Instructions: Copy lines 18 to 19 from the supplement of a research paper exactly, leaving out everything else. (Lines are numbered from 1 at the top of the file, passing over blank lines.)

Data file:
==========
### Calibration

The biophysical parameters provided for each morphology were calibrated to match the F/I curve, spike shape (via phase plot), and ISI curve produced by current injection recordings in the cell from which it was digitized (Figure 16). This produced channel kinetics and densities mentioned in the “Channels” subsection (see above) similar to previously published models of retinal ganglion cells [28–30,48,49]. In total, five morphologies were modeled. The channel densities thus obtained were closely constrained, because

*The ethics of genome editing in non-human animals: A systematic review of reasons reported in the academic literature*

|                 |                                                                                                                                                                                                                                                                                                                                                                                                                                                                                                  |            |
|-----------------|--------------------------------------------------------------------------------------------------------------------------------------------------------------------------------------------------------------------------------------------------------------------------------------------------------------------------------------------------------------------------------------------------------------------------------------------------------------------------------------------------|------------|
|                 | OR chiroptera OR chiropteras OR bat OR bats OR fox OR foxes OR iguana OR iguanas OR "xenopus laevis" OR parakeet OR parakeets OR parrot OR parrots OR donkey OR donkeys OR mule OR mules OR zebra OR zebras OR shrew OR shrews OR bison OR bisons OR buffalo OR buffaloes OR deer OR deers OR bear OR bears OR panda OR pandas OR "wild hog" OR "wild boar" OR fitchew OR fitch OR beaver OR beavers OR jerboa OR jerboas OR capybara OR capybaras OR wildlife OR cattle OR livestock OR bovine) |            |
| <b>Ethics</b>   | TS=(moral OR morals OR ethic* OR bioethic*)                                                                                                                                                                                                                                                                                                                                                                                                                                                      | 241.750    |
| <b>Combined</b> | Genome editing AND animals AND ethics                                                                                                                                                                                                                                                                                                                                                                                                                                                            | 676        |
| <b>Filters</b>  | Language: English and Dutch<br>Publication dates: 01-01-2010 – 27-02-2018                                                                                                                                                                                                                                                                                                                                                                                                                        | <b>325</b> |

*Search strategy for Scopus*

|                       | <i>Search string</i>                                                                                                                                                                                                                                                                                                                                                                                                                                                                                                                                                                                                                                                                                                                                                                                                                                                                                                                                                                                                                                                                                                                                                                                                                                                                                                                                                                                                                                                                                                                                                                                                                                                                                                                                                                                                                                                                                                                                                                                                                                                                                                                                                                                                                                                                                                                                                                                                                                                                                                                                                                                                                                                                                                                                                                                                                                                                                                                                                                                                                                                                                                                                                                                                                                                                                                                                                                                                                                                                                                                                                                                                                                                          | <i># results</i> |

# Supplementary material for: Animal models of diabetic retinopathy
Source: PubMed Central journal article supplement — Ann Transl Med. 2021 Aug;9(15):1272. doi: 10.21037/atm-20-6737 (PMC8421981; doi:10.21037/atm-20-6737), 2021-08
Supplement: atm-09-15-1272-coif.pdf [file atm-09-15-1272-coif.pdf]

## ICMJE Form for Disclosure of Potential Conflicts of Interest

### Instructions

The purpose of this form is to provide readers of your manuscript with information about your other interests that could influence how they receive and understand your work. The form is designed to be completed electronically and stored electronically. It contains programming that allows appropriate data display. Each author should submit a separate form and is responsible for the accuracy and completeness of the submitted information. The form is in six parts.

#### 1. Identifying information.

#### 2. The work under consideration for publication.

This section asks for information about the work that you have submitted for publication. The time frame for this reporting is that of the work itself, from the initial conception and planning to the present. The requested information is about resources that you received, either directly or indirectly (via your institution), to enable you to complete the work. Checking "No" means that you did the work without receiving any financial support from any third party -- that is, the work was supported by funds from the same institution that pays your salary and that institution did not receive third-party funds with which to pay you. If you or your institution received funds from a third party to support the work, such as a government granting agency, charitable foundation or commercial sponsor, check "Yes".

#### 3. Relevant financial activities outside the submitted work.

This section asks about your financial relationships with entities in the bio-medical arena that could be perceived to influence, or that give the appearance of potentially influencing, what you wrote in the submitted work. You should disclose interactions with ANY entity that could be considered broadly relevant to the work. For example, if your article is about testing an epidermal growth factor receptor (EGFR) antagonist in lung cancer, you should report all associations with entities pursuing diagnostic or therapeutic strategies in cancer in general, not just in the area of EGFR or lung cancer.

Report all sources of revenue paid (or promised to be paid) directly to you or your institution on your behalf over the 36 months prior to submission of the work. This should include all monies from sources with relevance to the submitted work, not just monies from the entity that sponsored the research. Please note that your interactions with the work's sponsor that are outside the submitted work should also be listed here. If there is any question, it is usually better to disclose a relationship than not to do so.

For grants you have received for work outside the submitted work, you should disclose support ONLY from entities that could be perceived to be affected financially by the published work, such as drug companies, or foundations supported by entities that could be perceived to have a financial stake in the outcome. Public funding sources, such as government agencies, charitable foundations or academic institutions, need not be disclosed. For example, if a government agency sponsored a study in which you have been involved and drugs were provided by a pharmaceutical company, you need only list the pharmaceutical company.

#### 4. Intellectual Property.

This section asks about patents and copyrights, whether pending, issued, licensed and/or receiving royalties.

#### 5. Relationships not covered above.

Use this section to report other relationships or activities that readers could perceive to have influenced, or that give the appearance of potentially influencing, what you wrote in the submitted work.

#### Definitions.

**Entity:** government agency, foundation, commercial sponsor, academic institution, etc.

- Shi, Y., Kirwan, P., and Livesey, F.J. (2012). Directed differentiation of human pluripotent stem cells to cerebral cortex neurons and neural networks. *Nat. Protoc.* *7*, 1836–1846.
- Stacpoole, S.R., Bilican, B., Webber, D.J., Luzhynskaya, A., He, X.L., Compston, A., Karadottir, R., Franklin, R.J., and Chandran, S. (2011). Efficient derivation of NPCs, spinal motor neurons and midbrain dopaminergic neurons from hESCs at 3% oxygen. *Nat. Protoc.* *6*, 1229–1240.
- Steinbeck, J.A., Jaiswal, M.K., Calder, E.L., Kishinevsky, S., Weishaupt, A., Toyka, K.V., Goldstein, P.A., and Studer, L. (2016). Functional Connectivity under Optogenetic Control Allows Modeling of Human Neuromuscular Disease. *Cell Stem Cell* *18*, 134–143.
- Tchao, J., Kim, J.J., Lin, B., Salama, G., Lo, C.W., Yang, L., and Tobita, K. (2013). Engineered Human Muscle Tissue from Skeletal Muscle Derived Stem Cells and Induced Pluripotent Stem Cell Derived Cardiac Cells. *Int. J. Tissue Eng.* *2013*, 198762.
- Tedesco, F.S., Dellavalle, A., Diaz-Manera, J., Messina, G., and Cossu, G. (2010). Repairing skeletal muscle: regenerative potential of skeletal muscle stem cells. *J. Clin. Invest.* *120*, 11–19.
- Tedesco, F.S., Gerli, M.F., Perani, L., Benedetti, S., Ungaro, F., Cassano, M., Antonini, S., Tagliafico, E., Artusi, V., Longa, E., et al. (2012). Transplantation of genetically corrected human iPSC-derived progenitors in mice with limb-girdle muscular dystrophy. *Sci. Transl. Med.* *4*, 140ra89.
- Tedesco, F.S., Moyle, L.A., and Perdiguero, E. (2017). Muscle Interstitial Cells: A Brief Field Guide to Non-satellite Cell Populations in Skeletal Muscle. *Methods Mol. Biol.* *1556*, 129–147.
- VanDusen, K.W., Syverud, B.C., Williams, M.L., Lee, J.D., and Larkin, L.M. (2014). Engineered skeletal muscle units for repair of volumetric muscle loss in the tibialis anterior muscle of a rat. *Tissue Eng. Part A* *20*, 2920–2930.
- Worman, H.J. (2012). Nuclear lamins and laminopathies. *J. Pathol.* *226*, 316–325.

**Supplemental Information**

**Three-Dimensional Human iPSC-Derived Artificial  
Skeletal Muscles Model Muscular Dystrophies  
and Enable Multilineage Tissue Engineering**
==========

#### 1. Identifying information.

#### 2. The work under consideration for publication.